A Burt Bacharach song wants to be on this list, and Dionne Warwick's take is stylish and offhand in a prototypical mid-1960s way.  I can just imagine the Laura of the book singing something like this to herself, as Isidore spends more and more time with her sister, Joan, who's moved into the family house.  It's hard not to be struck by the restraint of this performance--the force of feeling held back by the singer.  And I could never tire of the Gershwinesque piano patterns of the refrain.  


7. "Mercy Mercy Me: The Ecology" (Marvin Gaye) 

Joan gets involved with a group that attempts to stop a nearby townhouse development.  That project is planned for a fragile island, home to a population of endangered shore birds.  Joan's love for wild creatures captivates Isidore--or that's how he explains his attraction to himself.   This is probably my favorite song of environmental concern.  I think it keeps from being too message-y through the tension between form and content.  Marvin Gaye sounds as if he's singing the sweetest, most heartbroken love song as he lists one environmental crime after another.  It shouldn't work, but it does.  


8. "Jigsaw Falling Into Place" (Radiohead)

I don't think we need to know what this song is about in order to understand it.  It's certainly brings to mind untrapped feeling, anarchic energy.  It builds, releases itself, morphs and grows, a facsimile of Isidore's inner life as things get out of hand.


9. "Grace" (Jeff Buckley)

Another song of untrapped emotion.   A love song and a prayer, pulled along by an awareness of impending death.  A hybrid of a song.  It lives somewhere between Tim Buckley and Led Zeppelin.  And harmonically, it never moves predictably.  The speaker says, "I'm not afraid to die."  And for the duration of the song, we're almost convinced.


10.  "Southern Point" (Grizzly Bear)

There's something pretty spectacular about the expansiveness enacted here.  The slam of percussion, the brisk chord changes on the guitar, the soaring vocals.  You can’t help but smell the ocean and see the point it wants to conjure up.  It's a dark song ("you'll never find me me now") but it also suggests optimism.  There is a moment of great optimism in the book, when it seems like the impossible--perfection--might be so close that it could almost be touched.


11. "All We Are" (Dirty Projectors and Bjork)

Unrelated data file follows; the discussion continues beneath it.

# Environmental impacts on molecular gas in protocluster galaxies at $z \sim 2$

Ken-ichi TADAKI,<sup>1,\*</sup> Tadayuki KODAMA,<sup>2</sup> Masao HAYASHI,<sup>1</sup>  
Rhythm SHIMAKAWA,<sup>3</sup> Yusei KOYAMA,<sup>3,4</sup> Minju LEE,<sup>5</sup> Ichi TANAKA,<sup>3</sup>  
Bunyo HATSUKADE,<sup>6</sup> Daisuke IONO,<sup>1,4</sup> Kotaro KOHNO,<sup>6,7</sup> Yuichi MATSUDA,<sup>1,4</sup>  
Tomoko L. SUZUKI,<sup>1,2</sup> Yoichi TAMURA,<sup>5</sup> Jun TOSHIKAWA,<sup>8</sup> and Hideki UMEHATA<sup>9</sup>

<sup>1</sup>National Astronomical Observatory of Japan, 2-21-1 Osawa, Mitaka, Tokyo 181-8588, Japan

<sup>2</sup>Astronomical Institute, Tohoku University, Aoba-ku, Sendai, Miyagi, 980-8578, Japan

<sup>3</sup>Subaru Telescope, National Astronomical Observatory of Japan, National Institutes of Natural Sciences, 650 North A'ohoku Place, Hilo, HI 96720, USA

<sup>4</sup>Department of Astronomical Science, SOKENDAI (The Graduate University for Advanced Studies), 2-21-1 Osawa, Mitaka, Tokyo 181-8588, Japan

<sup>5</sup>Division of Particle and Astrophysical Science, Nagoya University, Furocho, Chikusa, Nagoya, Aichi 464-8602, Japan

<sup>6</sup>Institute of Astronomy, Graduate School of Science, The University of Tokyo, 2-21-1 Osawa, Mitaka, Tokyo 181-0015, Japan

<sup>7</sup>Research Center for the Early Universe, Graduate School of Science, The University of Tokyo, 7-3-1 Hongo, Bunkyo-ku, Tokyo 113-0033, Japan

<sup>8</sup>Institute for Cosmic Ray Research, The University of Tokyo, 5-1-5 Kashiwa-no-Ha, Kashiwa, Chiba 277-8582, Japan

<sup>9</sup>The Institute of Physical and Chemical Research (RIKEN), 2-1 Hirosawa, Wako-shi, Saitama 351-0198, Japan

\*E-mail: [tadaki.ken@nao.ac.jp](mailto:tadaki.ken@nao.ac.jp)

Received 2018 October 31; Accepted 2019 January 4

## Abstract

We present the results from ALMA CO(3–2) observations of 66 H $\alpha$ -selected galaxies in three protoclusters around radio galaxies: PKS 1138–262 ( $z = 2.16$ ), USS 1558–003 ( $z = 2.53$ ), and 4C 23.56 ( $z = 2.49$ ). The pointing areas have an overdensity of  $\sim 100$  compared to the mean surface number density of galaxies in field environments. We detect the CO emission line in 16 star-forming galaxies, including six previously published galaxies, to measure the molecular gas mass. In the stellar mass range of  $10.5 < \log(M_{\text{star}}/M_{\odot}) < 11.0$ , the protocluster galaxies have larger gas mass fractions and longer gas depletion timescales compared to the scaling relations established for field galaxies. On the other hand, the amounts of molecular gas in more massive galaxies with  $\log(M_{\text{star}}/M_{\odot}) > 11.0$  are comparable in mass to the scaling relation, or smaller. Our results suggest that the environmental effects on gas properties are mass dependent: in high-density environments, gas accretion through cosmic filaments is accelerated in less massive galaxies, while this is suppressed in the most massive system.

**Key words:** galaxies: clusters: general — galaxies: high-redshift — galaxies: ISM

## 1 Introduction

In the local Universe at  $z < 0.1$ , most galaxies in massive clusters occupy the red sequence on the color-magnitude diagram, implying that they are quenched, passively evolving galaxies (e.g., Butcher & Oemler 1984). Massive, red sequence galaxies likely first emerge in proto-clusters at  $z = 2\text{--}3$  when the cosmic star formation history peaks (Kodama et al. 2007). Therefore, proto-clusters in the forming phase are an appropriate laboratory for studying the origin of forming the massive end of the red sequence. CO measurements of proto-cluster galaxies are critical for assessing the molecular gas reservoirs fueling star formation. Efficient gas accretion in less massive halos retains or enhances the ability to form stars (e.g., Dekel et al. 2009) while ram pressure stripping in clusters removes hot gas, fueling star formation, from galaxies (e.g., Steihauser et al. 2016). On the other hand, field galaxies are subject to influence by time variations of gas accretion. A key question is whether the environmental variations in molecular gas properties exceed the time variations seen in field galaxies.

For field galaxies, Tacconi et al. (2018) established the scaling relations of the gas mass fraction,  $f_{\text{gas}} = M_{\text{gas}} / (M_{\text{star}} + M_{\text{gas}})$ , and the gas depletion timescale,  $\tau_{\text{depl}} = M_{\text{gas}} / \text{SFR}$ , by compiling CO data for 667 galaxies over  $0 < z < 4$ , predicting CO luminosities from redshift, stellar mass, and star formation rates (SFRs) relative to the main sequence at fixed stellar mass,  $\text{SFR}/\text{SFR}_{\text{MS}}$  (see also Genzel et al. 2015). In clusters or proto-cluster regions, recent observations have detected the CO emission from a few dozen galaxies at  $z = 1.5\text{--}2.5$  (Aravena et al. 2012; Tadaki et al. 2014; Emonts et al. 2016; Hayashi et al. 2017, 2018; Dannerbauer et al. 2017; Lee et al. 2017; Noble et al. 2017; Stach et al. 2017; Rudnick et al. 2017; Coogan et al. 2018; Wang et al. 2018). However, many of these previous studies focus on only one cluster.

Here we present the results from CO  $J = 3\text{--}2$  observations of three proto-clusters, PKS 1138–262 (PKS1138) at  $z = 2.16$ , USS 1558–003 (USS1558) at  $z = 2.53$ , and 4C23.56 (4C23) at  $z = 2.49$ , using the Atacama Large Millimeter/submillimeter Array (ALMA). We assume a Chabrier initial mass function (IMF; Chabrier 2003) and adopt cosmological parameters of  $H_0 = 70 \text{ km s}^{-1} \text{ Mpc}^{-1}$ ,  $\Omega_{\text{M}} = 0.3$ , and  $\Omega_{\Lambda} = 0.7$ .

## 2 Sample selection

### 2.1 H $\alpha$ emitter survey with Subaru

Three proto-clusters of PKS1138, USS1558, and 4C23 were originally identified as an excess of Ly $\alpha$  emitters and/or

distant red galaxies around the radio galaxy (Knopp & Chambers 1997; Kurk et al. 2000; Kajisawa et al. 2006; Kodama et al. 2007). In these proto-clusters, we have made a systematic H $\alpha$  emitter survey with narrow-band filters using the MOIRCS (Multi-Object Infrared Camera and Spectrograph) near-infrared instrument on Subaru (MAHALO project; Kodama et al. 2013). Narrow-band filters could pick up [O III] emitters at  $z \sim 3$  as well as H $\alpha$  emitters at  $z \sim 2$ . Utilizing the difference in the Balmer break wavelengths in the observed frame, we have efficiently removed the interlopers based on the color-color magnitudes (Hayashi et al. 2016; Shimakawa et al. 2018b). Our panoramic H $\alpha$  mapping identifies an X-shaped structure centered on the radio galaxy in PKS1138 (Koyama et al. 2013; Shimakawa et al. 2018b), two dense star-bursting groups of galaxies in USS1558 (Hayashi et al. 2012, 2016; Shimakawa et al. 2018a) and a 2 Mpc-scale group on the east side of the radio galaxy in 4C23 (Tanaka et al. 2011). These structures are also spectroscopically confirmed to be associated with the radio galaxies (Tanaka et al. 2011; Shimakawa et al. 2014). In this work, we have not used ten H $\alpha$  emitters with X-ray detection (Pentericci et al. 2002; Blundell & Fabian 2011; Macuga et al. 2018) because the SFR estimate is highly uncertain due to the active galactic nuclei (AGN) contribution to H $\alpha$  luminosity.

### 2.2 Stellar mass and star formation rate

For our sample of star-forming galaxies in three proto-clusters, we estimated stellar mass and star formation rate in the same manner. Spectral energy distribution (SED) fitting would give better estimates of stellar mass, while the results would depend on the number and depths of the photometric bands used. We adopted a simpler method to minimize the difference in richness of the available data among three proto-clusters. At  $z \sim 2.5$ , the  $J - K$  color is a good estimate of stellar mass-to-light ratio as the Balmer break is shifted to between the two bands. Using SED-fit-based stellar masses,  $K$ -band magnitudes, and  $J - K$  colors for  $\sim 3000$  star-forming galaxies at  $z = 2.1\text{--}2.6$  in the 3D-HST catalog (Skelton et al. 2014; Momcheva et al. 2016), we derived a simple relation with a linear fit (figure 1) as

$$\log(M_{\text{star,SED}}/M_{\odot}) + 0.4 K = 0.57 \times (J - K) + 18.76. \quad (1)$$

One thing we humans tend to do is fall for an idealized version of our partners, and we can hold fast to that image over time.  Isidore is still haunted by a romanticized version of his wife.  I wonder whether his fixation on his sister-in-law is an unconscious attempt to get to know his wife again, as she is right now.  According to David Longstreth, the man behind Dirty Projectors, this song was inspired by a moment when Amber Coffman, a member of the band, watched whales in the Pacific.  She believes she saw the whale and the whale saw her back.  We've all had those experiences when we're able to see through our projections to what's truly there.  I'm always touched by the way the final duet of the song respects awkwardness and imperfection.  Both Bjork and David seem to be listening to one another and singing back.  That seems true to what Isidore hopes for in the final sentences of the book.


Paul Lisicky and The Burning House links:

the author's website
the author's blog
the author's Wikipedia entry
video trailer for the book

Publishers Weekly review

Bindu Wiles interview with the author
Encore profile of the author
Lambda Literary interview with the author
Philadelphia Stories interview with the author
Used Furniture Review interview with the author


also at Largehearted Boy:

other Book Notes playlists (authors create music playlists for their book)

52 Books, 52 Weeks (weekly book reviews)
Antiheroines (interviews with up and coming female comics artists)
Atomic Books Comics Preview (weekly comics highlights)
Daily Downloads (free and legal daily mp3 downloads)
guest book reviews
Largehearted Word (weekly new book highlights)
musician/author interviews
Note Books (musicians discuss literature)
Shorties (daily music, literature, and pop culture links)
Soundtracked (composers and directors discuss their film's soundtracks)
Try It Before You Buy It (mp3s and full album streams from the week's CD releases)
weekly music & DVD release lists